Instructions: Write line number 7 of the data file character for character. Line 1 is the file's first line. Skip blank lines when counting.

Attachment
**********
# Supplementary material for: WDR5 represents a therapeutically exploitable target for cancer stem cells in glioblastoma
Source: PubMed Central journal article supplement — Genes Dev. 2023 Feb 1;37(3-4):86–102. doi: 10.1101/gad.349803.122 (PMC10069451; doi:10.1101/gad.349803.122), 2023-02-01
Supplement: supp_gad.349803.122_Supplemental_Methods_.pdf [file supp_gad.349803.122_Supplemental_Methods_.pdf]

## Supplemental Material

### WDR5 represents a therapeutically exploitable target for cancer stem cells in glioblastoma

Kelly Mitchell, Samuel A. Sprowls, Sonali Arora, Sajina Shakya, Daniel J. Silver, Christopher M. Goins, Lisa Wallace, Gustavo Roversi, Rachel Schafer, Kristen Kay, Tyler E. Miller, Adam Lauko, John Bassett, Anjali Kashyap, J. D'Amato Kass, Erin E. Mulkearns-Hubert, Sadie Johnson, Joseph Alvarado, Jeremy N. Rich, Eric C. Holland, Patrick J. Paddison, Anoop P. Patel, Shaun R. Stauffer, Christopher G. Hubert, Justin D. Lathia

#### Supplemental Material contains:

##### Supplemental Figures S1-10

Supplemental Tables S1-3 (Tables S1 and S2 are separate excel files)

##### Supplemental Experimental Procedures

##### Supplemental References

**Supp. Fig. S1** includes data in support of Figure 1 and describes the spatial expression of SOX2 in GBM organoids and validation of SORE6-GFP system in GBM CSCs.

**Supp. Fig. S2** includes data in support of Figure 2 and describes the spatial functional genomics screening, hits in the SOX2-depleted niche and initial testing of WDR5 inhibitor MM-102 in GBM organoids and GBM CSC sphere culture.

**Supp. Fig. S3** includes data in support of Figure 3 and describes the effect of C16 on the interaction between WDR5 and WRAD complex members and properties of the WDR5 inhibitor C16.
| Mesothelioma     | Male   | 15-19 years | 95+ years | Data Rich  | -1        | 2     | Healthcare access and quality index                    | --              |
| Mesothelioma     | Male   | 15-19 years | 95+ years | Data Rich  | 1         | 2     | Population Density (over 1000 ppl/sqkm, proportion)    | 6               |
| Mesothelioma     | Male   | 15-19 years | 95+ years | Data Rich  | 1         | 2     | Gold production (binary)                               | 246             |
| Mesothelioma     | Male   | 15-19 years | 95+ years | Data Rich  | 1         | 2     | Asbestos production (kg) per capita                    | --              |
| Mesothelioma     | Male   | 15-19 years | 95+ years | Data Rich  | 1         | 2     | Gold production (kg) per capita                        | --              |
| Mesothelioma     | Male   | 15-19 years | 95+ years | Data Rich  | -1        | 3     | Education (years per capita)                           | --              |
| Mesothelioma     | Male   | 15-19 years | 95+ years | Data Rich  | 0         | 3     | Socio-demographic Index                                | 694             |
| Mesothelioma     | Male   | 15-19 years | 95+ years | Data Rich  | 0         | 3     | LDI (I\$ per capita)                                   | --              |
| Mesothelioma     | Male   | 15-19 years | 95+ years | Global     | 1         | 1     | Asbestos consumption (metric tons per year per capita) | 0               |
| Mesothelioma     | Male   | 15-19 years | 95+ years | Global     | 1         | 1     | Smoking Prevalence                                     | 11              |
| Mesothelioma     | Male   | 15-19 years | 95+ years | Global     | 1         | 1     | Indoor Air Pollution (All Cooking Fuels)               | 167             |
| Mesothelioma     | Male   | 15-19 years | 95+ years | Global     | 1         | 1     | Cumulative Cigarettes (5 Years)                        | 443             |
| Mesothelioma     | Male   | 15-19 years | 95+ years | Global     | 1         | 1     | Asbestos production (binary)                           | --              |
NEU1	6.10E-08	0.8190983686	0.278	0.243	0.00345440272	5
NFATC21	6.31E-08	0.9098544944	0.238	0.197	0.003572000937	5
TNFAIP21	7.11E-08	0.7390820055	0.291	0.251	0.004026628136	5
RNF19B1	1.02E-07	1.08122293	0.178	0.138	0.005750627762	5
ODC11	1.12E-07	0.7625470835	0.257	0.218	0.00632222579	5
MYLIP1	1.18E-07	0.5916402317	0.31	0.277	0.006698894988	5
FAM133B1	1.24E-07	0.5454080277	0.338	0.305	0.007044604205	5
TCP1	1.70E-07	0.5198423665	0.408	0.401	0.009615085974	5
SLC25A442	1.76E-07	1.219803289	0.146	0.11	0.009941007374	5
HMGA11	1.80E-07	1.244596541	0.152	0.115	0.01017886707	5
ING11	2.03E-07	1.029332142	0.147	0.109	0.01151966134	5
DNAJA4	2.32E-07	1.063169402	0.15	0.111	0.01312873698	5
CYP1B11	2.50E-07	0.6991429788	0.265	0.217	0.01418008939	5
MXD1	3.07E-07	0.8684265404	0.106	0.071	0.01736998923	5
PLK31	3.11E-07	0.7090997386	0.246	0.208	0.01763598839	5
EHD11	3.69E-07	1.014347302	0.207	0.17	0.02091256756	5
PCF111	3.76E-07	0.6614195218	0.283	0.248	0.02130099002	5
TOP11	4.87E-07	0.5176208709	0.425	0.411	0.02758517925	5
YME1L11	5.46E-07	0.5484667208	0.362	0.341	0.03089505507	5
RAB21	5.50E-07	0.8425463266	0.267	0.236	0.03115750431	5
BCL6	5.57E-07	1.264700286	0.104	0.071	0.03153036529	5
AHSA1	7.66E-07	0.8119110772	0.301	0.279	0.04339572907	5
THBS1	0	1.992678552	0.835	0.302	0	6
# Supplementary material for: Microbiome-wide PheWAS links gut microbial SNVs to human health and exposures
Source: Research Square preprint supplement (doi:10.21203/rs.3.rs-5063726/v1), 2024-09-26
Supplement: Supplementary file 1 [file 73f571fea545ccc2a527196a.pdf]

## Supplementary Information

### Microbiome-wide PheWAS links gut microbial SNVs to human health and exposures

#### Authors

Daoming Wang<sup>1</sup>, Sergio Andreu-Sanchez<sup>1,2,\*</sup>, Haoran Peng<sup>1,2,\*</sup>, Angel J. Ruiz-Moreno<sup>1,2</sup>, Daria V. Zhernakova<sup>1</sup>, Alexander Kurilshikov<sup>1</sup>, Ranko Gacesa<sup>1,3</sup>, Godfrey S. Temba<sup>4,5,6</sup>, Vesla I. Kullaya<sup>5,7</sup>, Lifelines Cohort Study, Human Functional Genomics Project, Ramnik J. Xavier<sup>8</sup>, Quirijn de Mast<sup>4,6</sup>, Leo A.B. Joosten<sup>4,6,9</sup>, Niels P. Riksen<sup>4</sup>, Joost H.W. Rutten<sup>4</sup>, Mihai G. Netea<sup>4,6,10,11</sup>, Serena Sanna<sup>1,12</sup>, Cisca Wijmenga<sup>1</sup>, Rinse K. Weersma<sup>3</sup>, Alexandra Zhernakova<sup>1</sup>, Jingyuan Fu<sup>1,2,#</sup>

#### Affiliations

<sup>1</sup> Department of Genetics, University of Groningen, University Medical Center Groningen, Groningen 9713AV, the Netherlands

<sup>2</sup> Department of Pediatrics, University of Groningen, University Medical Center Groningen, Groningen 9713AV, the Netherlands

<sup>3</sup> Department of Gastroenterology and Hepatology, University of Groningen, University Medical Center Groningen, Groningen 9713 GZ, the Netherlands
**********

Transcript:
#### Supplemental Material contains: